With the right financial documents on hand and sheer confidence in your Excel formula skills, creating a simple profit and loss statement is totally doable. Once you have the process down, feel free to pull data for a P&L statement whenever you need to—it’s the best, fastest, and cheapest way to quickly evaluate your small business’s financial health.

Want to learn more about how calculating profit and loss can help you grow your business? Check out our piece on how to effectively manage your company’s profit and loss.

Related reading

P&L statement FAQ

Who is responsible for creating P&L statements?

The answer largely depends on the size of your business, but P&L statement generation is one key aspect of most accounting job descriptions. Whether you have an in-house accountant, have a CPA on retainer, or pay a local accountant by the hour, the accountant you work with should be able to handily throw together an income statement in no time.

We always recommend meeting with an accountant or other financial advisor at least once when you first start creating financial documents for your business. From there, you can create your own P&L statements if you'd like to. Accounting software, including free accounting software, can draw up income statements for you with little effort on your part. 

Are there multiple types of income statements?

Yes. There’s the typical P&L statement detailed above, and there’s a pro forma P&L, which is an income statement you fill out when you first start a business. How do you figure out revenue for a business that only just started? Well, to put it frankly, you give it your best guess—that makes it a projected profit and loss sheet, not a record of current profit and loss.

If this is your first P&L (or pro forma P&L), make sure to lowball your revenue and highball your expenses. This is a great time to detail all of your expenses in full, from the electricity bill to the replacement staplers you just bought. Having a full list of expenses can help you moderate overheads and operating costs, which helps you build frugal business practices into your company right from the start.

Where do I get all the data I need for my P&L statements?

There’s a lot of financial data for you to include in your P&L statement. Like, a lot. Finding a starting point can be intimidating, but it’s much less so if you already have a great bookkeeping system in place. If you do, you should have easy access to your company’s receipts, invoices, pay stubs, credit card payments, tax data, accrued interest, and more so you can sit down and start running the numbers.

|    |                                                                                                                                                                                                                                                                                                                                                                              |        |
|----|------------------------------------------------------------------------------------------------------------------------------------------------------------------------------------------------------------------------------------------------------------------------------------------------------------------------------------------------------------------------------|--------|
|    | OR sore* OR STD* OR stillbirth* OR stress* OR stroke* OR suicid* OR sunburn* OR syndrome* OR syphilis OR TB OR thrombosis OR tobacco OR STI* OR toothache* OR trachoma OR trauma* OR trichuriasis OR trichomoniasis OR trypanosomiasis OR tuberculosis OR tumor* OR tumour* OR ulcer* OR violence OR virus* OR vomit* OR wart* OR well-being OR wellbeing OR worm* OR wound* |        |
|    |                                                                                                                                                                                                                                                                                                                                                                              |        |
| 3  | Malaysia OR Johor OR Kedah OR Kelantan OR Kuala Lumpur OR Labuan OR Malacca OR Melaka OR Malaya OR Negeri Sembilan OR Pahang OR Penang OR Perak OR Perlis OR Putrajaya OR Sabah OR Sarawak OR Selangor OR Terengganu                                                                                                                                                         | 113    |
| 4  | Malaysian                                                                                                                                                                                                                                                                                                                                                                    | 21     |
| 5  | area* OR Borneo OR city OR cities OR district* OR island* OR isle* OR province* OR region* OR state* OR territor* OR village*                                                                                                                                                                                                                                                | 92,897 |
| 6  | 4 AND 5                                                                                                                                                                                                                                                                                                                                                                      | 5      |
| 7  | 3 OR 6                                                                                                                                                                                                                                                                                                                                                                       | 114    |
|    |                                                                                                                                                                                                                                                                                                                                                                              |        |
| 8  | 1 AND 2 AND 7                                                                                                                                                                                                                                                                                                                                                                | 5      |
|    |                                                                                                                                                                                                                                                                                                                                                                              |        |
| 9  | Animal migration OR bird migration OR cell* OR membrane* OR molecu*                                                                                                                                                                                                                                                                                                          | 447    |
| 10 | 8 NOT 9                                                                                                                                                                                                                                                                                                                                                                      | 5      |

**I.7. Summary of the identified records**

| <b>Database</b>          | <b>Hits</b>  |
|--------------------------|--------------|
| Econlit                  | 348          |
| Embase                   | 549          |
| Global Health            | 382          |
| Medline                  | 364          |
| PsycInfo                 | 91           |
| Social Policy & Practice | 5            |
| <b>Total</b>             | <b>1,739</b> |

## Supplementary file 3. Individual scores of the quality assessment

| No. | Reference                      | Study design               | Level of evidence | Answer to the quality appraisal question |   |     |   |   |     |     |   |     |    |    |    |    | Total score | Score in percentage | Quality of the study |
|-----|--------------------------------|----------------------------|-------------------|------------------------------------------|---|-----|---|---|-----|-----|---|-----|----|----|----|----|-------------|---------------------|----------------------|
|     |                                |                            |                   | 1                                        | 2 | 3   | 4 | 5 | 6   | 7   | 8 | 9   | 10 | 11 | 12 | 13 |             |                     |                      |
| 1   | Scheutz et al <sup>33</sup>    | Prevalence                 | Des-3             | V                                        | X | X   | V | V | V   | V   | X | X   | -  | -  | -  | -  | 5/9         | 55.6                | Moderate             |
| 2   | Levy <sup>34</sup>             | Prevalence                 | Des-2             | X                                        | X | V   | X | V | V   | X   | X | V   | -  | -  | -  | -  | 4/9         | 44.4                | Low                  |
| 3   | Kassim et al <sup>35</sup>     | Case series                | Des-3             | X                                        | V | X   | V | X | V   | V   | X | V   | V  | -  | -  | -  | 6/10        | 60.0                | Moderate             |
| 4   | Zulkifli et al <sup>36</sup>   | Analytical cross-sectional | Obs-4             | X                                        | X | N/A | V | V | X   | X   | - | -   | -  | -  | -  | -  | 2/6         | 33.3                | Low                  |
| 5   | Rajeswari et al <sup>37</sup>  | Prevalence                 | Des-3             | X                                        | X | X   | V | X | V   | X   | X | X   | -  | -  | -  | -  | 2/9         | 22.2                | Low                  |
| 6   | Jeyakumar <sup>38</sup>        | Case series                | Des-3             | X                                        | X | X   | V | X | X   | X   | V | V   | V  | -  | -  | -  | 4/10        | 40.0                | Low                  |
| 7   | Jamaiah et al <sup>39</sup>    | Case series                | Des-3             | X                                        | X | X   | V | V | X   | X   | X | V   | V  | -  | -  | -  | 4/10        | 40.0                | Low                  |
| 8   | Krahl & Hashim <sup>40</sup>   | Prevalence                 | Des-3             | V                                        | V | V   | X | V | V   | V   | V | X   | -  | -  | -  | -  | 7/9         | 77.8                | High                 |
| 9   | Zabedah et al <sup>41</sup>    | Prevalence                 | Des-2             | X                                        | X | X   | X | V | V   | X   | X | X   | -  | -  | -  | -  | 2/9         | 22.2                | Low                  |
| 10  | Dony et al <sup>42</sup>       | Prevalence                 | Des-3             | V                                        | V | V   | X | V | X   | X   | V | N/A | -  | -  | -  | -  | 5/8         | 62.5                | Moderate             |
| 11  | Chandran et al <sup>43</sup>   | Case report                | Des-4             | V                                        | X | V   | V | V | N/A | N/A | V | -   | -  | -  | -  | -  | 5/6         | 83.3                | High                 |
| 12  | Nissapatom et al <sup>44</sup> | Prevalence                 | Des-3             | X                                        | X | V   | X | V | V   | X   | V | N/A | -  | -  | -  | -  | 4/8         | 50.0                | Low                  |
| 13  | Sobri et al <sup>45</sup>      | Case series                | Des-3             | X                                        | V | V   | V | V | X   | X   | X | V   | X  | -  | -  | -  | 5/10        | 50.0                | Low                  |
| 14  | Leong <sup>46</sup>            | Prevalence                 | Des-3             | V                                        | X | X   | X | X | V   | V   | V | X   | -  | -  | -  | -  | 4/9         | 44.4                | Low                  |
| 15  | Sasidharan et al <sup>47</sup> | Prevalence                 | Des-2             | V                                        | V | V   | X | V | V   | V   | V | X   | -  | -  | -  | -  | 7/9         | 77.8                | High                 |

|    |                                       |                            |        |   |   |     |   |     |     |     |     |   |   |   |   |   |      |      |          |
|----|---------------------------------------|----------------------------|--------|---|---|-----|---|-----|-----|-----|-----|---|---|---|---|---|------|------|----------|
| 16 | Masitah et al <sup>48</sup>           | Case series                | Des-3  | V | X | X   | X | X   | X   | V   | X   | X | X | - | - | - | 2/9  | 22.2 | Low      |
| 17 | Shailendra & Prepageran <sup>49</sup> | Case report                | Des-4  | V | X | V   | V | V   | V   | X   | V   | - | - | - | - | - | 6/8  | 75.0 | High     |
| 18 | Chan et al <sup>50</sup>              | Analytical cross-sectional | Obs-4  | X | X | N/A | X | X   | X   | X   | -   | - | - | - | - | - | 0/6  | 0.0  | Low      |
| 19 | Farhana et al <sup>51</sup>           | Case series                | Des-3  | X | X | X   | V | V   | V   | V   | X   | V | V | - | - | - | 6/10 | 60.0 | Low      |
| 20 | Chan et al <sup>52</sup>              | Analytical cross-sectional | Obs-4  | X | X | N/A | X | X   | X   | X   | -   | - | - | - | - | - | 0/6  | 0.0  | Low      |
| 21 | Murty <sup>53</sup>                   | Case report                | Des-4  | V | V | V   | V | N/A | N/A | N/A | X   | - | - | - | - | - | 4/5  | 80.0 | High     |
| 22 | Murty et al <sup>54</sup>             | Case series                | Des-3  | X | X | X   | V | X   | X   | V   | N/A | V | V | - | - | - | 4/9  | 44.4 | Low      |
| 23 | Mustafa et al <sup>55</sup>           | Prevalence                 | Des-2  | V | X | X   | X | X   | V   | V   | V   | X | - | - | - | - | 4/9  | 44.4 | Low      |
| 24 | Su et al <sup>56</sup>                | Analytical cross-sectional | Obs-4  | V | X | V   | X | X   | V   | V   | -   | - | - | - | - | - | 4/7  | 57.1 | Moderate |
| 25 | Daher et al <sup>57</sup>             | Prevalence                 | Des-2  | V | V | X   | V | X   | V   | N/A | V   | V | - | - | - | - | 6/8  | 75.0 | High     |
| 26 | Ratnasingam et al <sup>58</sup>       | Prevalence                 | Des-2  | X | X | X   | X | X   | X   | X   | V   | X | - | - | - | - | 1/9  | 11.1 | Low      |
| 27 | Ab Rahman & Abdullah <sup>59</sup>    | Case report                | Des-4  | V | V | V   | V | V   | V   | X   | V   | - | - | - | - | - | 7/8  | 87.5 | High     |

If you don’t have a great bookkeeping system in place yet, cut yourself some slack—and then get right on creating one now. (Literally now. Right now. Step away from this page and get thee to a bookkeeper.)

If you do cash transactions, start keeping receipts and storing them in a logical, orderly way. Organize your general ledger. Hire a part-time bookkeeper for a small fee or invest in bookkeeping software that keeps all your data in the same place.

Getting organized—including entering all your information into new accounting software—can be a steep learning curve. But apart from creating excellent products and services and hiring fantastic employees, there’s next to nothing more important to your business than accurate, detailed financial records, profit and loss statements included.

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Kylie McQuarrie
Written by
Kylie McQuarrie
Kylie McQuarrie has been writing for and about small businesses since 2014. Prior to writing full-time, she worked with a variety of small-business owners (from freelance writers to real-estate solopreneurs), which gave her a front-row look at small-business owners' struggles, frustrations, and successes. Currently, she’s Business.org’s accounting and payroll staff writer. Her work has been featured on SCORE.org, G2, and Fairygodboss, among others.